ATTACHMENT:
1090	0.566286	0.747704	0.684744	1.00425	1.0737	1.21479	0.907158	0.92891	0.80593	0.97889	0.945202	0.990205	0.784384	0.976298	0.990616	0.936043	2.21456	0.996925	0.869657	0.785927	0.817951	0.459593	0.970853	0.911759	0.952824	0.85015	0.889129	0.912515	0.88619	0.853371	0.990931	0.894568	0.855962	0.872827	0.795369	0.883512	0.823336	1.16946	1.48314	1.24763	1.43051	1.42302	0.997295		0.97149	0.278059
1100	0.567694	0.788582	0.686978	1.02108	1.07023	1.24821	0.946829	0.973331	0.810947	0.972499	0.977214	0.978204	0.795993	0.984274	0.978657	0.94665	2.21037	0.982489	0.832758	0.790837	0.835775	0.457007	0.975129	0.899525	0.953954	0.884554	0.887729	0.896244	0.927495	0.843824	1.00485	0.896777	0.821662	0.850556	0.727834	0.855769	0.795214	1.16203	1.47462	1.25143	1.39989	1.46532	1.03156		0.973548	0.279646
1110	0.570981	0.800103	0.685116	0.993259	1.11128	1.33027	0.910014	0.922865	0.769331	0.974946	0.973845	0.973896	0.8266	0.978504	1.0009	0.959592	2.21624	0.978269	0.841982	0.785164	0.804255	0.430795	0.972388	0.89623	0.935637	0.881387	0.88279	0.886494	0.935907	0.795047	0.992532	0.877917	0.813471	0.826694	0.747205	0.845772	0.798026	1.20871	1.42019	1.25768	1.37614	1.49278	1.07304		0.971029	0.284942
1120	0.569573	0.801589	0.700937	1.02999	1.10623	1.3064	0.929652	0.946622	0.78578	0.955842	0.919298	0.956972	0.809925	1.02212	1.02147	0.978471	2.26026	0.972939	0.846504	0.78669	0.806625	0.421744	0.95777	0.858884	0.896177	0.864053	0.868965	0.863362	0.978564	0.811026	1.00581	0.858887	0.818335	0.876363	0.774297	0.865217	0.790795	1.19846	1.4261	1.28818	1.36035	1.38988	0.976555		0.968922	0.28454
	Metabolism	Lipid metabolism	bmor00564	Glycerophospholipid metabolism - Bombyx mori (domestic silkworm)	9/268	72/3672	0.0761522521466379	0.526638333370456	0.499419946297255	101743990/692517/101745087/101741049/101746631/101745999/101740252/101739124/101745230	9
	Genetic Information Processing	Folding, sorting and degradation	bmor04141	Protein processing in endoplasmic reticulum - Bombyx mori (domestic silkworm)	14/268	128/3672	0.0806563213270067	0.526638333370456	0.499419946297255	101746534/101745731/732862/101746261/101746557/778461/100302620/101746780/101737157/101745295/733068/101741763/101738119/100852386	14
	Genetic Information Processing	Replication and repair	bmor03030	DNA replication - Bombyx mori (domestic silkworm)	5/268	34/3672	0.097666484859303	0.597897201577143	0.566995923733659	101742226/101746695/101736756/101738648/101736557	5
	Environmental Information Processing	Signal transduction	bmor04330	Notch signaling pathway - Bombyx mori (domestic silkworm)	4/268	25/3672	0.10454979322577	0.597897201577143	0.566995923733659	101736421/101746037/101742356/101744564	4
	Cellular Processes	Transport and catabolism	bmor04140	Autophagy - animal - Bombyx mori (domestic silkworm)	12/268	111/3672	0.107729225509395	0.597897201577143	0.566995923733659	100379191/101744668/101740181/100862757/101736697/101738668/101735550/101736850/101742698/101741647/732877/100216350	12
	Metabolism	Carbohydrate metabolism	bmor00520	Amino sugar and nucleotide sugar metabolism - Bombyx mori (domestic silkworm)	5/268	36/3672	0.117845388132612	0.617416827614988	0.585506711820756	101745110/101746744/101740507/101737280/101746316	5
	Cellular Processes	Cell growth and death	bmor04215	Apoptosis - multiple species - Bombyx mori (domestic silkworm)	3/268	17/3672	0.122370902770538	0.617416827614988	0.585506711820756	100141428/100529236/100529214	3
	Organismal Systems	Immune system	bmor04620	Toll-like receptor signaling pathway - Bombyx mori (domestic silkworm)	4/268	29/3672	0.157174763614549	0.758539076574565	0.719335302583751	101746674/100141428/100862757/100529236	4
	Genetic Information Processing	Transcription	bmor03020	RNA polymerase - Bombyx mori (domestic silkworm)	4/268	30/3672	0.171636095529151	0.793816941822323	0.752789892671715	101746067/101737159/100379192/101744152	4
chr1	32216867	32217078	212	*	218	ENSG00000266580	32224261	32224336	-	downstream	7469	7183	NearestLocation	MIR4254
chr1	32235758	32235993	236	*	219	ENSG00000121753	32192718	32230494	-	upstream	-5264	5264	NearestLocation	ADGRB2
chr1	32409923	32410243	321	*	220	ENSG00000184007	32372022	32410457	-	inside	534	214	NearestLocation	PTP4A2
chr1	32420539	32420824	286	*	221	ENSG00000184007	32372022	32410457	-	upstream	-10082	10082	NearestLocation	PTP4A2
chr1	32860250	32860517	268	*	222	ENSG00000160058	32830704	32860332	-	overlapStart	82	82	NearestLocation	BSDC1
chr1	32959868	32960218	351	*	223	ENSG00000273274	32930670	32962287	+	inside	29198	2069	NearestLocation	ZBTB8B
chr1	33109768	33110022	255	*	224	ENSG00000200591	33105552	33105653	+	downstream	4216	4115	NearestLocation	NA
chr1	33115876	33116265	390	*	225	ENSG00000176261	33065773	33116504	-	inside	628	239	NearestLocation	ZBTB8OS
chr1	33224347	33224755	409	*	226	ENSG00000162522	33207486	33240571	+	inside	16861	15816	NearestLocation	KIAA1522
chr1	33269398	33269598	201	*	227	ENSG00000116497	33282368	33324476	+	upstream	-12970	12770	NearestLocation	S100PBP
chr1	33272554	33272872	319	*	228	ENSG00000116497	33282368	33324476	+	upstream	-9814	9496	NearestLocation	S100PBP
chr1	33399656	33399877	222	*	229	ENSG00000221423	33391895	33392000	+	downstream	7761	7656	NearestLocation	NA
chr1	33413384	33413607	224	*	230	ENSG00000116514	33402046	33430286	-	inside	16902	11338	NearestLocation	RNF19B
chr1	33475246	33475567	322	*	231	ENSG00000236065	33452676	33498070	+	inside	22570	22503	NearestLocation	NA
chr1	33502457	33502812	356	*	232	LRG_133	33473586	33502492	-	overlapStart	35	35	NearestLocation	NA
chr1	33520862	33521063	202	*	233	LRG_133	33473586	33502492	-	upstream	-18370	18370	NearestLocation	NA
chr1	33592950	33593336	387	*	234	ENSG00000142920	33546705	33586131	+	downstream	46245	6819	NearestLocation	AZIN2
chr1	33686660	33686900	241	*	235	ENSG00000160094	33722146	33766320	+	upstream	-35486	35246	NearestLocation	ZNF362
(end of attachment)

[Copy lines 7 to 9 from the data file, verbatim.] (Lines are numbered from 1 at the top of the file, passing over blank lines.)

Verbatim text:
	Genetic Information Processing	Replication and repair	bmor03030	DNA replication - Bombyx mori (domestic silkworm)	5/268	34/3672	0.097666484859303	0.597897201577143	0.566995923733659	101742226/101746695/101736756/101738648/101736557	5
	Environmental Information Processing	Signal transduction	bmor04330	Notch signaling pathway - Bombyx mori (domestic silkworm)	4/268	25/3672	0.10454979322577	0.597897201577143	0.566995923733659	101736421/101746037/101742356/101744564	4
	Cellular Processes	Transport and catabolism	bmor04140	Autophagy - animal - Bombyx mori (domestic silkworm)	12/268	111/3672	0.107729225509395	0.597897201577143	0.566995923733659	100379191/101744668/101740181/100862757/101736697/101738668/101735550/101736850/101742698/101741647/732877/100216350	12